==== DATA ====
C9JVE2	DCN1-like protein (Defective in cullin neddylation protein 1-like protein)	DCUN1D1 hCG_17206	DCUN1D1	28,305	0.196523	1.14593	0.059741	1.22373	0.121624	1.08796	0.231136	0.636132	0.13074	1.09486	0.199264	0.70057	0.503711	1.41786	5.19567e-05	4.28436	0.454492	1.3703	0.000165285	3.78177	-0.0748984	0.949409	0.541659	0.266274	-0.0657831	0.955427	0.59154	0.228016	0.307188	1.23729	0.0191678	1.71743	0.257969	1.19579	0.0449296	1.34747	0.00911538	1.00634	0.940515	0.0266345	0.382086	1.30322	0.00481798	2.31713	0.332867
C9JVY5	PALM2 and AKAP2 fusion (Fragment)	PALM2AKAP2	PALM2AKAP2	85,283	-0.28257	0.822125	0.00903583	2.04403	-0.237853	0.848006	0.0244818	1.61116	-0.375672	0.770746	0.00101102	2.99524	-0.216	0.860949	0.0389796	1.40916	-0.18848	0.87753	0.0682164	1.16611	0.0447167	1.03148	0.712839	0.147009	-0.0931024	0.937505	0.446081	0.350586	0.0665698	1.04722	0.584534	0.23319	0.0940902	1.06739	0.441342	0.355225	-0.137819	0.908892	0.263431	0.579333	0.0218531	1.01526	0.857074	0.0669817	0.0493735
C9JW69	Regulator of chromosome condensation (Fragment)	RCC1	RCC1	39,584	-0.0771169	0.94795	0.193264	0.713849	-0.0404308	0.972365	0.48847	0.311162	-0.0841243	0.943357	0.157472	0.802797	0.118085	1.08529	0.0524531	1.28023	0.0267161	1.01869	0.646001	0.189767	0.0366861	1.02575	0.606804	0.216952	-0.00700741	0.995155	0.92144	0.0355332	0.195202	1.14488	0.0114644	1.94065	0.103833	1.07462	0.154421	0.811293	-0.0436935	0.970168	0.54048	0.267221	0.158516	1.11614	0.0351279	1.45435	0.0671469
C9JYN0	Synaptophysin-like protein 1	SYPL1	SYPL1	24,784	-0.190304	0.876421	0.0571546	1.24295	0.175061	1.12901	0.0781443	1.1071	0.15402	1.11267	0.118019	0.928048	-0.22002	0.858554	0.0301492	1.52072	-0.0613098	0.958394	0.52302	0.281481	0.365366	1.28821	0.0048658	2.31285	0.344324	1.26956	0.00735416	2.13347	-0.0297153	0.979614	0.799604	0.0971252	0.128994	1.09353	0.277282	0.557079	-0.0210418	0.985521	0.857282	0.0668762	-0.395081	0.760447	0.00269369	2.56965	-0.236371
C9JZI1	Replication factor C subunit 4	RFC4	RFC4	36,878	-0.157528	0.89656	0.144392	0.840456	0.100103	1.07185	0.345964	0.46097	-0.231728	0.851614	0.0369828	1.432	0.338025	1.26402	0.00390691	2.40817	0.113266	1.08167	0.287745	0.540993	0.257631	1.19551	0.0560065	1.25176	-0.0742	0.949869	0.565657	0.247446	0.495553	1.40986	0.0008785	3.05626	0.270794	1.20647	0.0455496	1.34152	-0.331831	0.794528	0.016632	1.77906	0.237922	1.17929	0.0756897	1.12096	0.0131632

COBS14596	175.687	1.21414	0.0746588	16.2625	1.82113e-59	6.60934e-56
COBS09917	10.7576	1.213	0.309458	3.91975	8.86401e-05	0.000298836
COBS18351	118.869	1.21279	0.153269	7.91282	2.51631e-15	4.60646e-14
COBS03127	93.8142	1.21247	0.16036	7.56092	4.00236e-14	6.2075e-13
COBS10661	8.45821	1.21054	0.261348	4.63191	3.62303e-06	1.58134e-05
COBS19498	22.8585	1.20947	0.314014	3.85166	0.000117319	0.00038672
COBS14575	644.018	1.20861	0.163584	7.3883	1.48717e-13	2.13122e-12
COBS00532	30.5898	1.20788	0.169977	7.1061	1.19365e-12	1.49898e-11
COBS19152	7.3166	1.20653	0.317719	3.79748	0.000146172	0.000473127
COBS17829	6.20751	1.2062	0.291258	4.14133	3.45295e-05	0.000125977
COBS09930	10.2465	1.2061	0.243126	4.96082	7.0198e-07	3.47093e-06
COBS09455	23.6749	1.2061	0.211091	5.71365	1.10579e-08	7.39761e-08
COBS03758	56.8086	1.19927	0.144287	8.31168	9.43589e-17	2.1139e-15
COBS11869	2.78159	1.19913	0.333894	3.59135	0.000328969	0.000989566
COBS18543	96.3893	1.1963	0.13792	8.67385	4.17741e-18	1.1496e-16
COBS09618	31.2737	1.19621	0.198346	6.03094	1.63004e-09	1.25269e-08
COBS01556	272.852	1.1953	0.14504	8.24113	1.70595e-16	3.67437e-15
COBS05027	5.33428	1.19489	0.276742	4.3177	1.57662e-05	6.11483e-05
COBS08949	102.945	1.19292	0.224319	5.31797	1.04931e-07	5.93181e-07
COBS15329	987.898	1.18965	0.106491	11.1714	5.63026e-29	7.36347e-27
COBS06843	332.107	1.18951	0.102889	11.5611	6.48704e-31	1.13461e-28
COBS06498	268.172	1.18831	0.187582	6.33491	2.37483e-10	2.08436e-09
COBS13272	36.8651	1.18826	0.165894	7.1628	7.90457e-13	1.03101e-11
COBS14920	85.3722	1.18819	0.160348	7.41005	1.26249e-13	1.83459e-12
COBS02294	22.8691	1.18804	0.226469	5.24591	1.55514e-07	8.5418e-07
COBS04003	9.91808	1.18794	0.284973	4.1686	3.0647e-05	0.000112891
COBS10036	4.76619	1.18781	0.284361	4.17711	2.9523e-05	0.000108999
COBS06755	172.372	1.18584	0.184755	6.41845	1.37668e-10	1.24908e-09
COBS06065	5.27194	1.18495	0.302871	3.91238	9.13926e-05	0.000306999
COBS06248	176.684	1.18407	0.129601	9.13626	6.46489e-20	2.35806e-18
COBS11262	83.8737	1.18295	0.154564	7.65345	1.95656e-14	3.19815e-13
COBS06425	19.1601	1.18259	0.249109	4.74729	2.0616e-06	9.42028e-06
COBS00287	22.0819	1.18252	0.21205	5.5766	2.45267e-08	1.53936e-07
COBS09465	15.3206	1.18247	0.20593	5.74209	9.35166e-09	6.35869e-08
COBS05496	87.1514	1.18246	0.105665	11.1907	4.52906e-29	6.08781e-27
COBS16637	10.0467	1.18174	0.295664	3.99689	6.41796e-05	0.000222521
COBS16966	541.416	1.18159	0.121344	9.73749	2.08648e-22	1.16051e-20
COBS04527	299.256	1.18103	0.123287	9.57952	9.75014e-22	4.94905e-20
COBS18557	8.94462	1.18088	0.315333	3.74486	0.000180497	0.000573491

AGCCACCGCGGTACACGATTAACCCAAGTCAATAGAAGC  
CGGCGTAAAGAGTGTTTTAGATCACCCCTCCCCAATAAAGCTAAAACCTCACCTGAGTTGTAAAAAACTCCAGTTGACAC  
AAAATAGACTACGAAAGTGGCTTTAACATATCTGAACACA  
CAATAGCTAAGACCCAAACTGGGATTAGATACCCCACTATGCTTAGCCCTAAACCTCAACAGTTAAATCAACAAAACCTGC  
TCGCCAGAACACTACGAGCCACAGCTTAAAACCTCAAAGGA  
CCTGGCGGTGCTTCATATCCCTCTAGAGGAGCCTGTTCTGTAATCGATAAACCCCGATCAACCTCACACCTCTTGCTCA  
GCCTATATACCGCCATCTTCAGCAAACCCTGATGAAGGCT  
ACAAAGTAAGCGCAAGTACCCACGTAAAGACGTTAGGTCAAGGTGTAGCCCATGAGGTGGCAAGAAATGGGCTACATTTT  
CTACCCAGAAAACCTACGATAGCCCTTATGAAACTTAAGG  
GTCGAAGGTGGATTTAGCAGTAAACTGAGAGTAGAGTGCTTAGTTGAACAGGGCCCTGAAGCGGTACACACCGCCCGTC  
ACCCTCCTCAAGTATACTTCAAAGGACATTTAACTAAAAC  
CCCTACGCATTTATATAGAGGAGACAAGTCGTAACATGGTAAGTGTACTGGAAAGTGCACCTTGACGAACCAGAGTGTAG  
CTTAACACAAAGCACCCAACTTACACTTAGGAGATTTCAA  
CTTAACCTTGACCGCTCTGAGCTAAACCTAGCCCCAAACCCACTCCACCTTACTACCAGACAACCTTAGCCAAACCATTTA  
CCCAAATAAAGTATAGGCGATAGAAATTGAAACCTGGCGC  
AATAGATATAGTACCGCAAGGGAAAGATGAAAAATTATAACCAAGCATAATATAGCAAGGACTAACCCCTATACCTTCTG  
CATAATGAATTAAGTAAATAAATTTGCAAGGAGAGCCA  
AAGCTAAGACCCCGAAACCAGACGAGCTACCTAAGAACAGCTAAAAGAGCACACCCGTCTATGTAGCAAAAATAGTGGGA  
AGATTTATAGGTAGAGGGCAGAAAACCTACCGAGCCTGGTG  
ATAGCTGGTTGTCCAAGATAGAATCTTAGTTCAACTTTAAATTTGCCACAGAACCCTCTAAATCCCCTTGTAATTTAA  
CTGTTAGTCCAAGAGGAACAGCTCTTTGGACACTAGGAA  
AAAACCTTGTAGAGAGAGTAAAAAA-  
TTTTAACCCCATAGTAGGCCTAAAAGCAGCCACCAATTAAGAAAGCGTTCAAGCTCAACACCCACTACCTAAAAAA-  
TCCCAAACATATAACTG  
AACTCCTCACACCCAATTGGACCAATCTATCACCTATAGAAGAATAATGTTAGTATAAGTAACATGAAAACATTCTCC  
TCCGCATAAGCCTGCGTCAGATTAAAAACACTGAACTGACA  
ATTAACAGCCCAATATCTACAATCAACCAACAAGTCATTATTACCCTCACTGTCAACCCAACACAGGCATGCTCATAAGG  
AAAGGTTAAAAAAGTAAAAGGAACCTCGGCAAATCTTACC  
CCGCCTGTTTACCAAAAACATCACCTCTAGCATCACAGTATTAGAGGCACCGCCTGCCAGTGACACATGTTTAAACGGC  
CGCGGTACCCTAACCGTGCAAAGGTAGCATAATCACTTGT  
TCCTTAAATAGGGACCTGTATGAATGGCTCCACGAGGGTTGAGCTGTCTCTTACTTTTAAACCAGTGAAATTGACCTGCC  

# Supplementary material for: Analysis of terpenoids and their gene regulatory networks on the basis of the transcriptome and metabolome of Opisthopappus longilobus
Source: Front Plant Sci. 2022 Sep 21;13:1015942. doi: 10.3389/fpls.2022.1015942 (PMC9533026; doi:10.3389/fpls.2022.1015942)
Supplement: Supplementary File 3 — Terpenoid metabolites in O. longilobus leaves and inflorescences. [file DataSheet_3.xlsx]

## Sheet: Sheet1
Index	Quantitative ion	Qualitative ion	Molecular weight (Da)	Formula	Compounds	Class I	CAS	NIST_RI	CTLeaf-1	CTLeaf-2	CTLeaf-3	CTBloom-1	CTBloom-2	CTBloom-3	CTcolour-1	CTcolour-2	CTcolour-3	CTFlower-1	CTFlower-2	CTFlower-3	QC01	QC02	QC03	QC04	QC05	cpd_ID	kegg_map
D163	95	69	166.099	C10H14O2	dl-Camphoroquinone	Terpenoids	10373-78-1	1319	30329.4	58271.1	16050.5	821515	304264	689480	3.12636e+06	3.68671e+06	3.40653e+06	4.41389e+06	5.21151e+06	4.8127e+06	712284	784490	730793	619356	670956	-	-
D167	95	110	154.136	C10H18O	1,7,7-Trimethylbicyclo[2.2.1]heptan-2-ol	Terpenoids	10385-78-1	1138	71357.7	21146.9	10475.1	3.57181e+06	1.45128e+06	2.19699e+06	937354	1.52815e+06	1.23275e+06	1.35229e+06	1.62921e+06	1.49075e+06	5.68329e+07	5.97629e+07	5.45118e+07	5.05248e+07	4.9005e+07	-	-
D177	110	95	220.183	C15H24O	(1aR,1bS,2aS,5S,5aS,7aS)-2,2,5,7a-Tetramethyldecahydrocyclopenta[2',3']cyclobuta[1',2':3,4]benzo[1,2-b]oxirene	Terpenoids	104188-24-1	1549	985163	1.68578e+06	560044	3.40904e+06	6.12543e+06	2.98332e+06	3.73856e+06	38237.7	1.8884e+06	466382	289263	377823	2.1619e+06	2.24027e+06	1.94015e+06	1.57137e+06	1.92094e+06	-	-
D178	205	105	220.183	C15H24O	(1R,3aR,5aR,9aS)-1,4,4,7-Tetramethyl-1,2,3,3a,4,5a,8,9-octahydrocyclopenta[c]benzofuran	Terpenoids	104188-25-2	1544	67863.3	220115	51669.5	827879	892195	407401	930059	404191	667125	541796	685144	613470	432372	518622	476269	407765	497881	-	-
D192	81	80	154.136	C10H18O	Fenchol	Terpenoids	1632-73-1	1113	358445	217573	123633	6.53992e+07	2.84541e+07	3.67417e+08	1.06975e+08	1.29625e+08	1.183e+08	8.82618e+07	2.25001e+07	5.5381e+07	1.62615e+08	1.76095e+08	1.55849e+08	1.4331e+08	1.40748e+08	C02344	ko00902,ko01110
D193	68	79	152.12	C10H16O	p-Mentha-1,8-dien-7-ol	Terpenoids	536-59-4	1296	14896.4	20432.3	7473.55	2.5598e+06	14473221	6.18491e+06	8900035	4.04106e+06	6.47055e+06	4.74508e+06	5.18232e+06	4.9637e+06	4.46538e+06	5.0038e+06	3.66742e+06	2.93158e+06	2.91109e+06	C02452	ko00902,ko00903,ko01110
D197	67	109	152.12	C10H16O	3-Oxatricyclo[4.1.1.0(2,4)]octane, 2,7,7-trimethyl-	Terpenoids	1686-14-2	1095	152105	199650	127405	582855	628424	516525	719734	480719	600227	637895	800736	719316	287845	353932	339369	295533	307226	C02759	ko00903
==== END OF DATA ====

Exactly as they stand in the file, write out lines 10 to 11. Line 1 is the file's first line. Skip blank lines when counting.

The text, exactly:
COBS10661	8.45821	1.21054	0.261348	4.63191	3.62303e-06	1.58134e-05
COBS19498	22.8585	1.20947	0.314014	3.85166	0.000117319	0.00038672